“I do this art because I feel like I have to. There’s always that dissatisfaction that lingers. Creating helps satisfy the itch.”
(Left photo credit: Emma Balder)
Nestled among rows of sinks and stacks of wood in the Globeville Riverfront Art Center (GRACe), a warehouse-turned-artist-community, is Emma Balder—the Denver, Colorado artist behind @balderthanyou.
Emma specializes in fiber art and 3D installations, and has a NO-WASTE policy. She uses donated or found materials and scraps to create her artwork, which is incredibly GORGEOUS! Enter our giveaway this week to win one for yourself!
Recently, while on business in Denver, I got the chance to meet Emma and see her work in person. Hearing her story was so inspiring! This girl makes her living with materials the rest of us throw out! Brilliant!
M: First things first, what is fiber art?
E: That's a great question. And I'm glad to answer, especially because I've never quite thought of myself as a fiber artist. I still very much think of myself as a painter. I think that fiber art accentuates the beauty in fibers, usually in an alternate context. When people think fibers or textiles, they automatically think clothing, or rugs or something utilitarian. But fiber art exists beyond that. It can certainly be aesthetically pleasing, but beyond this it is heavily process based. When I think of fiber art, I think of time, and care and technique and a long, intimate process with material. The tactility of fiber art allows the artist to develop a relationship with the material within that process, and that bond is so beautiful to me.
M: Tell me about some of your background…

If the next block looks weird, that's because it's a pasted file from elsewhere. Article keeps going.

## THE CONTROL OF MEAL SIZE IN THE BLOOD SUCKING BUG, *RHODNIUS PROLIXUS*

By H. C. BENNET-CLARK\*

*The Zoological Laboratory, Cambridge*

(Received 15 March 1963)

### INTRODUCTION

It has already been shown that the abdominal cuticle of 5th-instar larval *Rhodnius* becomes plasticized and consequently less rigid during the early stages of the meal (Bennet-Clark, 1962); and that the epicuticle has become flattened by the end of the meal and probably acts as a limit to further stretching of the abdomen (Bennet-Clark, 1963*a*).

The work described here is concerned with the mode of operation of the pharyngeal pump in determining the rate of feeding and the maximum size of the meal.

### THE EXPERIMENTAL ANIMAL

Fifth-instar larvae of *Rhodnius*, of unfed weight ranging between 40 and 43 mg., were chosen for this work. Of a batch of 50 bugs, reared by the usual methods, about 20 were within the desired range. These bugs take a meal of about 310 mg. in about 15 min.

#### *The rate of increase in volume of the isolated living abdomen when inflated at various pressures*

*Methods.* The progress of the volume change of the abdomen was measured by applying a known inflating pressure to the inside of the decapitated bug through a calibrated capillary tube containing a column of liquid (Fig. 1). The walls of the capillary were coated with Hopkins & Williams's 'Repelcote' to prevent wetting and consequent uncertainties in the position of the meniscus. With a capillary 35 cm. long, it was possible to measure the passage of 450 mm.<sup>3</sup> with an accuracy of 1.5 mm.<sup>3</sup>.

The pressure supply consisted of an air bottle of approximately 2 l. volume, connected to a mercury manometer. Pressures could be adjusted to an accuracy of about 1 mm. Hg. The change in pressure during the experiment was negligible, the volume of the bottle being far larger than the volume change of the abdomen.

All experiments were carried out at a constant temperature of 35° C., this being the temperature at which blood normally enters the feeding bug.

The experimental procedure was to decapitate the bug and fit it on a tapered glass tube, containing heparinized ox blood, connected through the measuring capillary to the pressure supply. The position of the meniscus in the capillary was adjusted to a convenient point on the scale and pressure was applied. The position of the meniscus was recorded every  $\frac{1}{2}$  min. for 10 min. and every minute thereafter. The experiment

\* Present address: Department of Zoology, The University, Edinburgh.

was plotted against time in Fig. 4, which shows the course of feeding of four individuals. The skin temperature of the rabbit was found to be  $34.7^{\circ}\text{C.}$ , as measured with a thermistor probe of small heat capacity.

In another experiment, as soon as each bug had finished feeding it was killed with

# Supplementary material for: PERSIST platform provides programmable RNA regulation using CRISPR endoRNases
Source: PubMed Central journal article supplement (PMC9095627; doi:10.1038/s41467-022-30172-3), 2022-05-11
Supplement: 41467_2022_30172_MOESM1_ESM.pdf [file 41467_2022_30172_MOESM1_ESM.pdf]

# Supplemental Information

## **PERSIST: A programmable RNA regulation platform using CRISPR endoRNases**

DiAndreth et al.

E: As long as I can remember, I’ve been interested in fashion and textiles. After college, where I got a painting degree at SCAD, I was awarded a year-long artist residency at the Vermont Studio Center. Over 60 visual artists from all over the world came to the center to create art, share insights and inspire others and I was really diligent about meeting with all of them.
This was a really formative time for me, and I met so many amazing artists. One of my favorites is Xenobia Bailey, who’s based in Brooklyn and does crochet installations. She’s just a beautiful soul. I also met Steven Westfall, a colorfield painter who’s a little Frank Stella-esque; he encouraged me to move out west where he felt my art would be most appreciated.
(Right photo credit: Emma Balder)
M: What an awesome experience that must have been! What inspired you to start creating fiber paintings?
E: While in the residency, I witnessed so much waste, which really bothered me. People would just throw out their used watercolor paper, scraps and even entire paintings. What they thought was trash, I found beautiful. A lot of it was fibrous, which opened my eyes to textiles in a different way than I’d ever thought of before.
Around this time, I was working on an abstract acrylic painting and just getting frustrated. I started cutting it up, rearranging the pieces and sewing them back together in different ways. That’s when I really started to incorporate wasted materials into my work.